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  • Ricardo Markin

A Brief Guide to Event Videography/Photography

Updated: Sep 19

Back when I first started to film & photograph events, I searched YouTube and Google for a helpful guide to put me at ease and prepare me in the best possible way. Despite watching a few of the videos and reading some articles, I remember feeling lost and leaving it partially to trial and error in order to find the ropes. A few years later & we have filmed music events on stages in front of more than 40,000 people, weddings & more commonly, much smaller events where in some cases along the way it was much tougher to make it look like there was actually anybody attending! This is a short guide that I hope will help you to prepare for events, mainly focusing on the filming aspect but a lot of the tips also apply for photographers alike, based on things I have learnt from being on music tours, at various commercial events and weddings, having made mistakes in the past that I'd never want to make again.


Firstly - although this goes for all jobs in our field - I cannot stress enough how important it is to prepare and have a system of organisation that works for you, spending the time to ensure everything you may need is with you in your camera bag. For example, after every job I clean and return all of my equipment to its place on the shelf and make sure all of my batteries are on charge, with SD cards & hard drives transferred, backed up and cleared for the next job. On the other hand, although it is easy to play it safe and bring everything with you, it is important to not overpack - bring only what you need with you to a job to ensure you're not carrying extra, heavy baggage or having to look out for more equipment than necessary.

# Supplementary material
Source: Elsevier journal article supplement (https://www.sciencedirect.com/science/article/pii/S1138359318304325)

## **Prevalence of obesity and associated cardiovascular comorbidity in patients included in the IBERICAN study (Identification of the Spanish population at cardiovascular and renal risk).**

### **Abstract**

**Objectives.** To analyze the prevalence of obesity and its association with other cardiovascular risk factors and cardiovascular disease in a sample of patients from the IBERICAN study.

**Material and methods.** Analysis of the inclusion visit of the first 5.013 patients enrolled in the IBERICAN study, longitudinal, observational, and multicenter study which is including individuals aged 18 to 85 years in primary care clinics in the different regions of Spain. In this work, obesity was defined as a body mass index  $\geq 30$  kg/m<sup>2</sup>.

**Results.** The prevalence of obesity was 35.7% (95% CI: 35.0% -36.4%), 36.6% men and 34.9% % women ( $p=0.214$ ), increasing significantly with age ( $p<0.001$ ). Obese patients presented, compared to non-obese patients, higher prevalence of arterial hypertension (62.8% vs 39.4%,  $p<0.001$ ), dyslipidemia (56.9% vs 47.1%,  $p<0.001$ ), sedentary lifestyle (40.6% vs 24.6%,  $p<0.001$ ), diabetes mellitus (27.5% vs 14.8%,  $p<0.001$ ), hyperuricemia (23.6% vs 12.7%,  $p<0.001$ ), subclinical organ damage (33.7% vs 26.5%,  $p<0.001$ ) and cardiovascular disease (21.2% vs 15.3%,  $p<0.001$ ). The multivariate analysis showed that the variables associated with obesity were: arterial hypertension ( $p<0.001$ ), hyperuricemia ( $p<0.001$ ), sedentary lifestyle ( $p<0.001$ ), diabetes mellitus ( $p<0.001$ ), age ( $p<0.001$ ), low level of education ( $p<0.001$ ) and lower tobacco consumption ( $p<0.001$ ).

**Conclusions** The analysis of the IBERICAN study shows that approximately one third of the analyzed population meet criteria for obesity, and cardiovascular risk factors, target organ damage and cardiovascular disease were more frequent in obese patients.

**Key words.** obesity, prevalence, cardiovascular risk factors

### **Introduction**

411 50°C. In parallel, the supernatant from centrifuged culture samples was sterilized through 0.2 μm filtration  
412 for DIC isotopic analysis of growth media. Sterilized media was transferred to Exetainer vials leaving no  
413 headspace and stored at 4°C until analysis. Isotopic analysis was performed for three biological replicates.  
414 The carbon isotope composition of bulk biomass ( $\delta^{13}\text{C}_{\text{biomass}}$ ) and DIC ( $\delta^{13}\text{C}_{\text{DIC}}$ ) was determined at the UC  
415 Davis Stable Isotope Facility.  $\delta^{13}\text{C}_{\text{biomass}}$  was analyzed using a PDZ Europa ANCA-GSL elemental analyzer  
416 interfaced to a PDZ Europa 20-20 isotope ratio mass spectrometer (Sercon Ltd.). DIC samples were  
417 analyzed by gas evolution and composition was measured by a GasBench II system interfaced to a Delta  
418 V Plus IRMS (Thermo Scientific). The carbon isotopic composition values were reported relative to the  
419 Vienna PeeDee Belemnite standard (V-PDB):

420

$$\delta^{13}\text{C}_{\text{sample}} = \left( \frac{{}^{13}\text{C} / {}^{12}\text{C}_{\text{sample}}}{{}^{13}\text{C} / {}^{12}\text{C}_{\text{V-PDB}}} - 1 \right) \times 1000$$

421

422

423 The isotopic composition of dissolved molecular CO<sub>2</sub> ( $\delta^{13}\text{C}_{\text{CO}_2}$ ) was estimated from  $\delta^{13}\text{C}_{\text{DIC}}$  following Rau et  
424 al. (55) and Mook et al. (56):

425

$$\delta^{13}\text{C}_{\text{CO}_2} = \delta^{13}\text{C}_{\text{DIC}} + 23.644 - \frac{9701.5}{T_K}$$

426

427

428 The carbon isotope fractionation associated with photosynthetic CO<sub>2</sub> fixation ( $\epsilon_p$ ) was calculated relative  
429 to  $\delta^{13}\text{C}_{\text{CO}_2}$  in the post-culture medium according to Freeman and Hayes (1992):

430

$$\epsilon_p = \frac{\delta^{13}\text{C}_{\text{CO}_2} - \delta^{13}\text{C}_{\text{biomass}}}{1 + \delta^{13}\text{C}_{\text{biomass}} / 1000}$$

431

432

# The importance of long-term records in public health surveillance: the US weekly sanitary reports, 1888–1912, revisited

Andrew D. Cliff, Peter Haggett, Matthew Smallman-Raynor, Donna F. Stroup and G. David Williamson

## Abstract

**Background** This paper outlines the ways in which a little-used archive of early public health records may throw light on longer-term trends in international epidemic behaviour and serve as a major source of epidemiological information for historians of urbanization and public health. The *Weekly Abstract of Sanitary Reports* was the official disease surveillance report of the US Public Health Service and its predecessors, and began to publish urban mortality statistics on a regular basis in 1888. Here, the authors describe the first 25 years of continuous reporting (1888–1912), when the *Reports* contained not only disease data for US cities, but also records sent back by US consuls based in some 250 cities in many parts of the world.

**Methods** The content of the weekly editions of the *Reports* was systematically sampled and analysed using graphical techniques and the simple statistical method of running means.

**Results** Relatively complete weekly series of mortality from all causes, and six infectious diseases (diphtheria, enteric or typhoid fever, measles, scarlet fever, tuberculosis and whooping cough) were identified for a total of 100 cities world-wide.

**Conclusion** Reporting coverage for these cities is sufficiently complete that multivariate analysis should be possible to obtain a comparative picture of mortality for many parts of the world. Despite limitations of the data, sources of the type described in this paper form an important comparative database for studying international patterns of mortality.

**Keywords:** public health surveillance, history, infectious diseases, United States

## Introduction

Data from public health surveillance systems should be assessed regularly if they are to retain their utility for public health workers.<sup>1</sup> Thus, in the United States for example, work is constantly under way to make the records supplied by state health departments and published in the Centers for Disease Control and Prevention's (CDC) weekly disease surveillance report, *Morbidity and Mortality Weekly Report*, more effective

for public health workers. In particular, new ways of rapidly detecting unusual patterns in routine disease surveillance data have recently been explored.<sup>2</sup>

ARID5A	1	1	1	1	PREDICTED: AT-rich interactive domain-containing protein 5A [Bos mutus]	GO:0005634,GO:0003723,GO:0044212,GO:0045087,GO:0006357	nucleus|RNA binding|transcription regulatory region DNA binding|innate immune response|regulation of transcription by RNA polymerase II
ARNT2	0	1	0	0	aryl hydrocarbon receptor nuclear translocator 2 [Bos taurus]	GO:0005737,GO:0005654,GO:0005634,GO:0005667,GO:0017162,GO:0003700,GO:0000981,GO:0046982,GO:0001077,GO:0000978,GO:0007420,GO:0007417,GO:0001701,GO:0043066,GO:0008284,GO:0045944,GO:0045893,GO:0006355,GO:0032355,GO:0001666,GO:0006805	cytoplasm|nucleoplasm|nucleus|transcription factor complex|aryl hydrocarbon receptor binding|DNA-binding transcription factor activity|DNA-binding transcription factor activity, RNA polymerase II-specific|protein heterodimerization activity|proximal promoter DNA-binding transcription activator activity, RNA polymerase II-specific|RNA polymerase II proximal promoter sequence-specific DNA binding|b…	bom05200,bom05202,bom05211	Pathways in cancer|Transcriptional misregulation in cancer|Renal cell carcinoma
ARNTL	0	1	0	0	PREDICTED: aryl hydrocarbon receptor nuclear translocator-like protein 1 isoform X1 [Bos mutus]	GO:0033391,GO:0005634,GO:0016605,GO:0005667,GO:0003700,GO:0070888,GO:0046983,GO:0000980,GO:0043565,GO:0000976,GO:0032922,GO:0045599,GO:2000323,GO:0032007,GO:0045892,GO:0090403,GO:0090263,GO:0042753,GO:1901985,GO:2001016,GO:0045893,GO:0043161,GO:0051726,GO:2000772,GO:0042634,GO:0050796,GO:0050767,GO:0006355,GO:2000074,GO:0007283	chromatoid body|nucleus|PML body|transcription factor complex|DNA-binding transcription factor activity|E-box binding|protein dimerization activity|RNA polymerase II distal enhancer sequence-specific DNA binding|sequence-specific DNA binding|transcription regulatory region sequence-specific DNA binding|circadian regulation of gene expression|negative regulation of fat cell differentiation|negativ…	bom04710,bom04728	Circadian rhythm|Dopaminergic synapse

This can be ironed out by doing some research into the venue you will be attending, perhaps doing a recci (visiting the venue in advance) and knowing the schedule of the day can be a huge foot up. For example, the venue may be dark and you need to bring a light source(s) - making sure it is safe to do so - you may need to know where the power supplies are, where any possible vantage points are and getting a grip for the scale of the building may influence what lenses you bring with you on the day. Bringing a schedule is also important so that you are clear of the task, knowing that the wedding starts at 12pm, it is clear that you will need to be at the service slightly before in order to capture the bride/groom arriving.


Following on from the importance of knowing the schedule, being in the right place at the right time is a very important part of event work, which again... stems from prep and your sense for it will improve with time. For example, when documenting a bands performance, you want to be able to tell as much of the story through visuals as possible, this may include the band walking on stage, sound checking, the finale of the show, crowd reactions that reflect the performance in the best way. Unlike a lot of other types of video work, events are time precious and require you to be in the right place in the right time, there are no do-overs or second takes, it is real life and therefore the pressure to perform is much higher. At first, it is easy to get lost in the excitement of the day, but with time the queues are all there and you know when and how to move, it can be a very exhausting job at times as you are on alert at all times. It is also important to make life a lot easier for yourself in post by not capturing the entire day, be selective and harsh over what you decide to film and you will take more care and make life easier for yourself in the edit.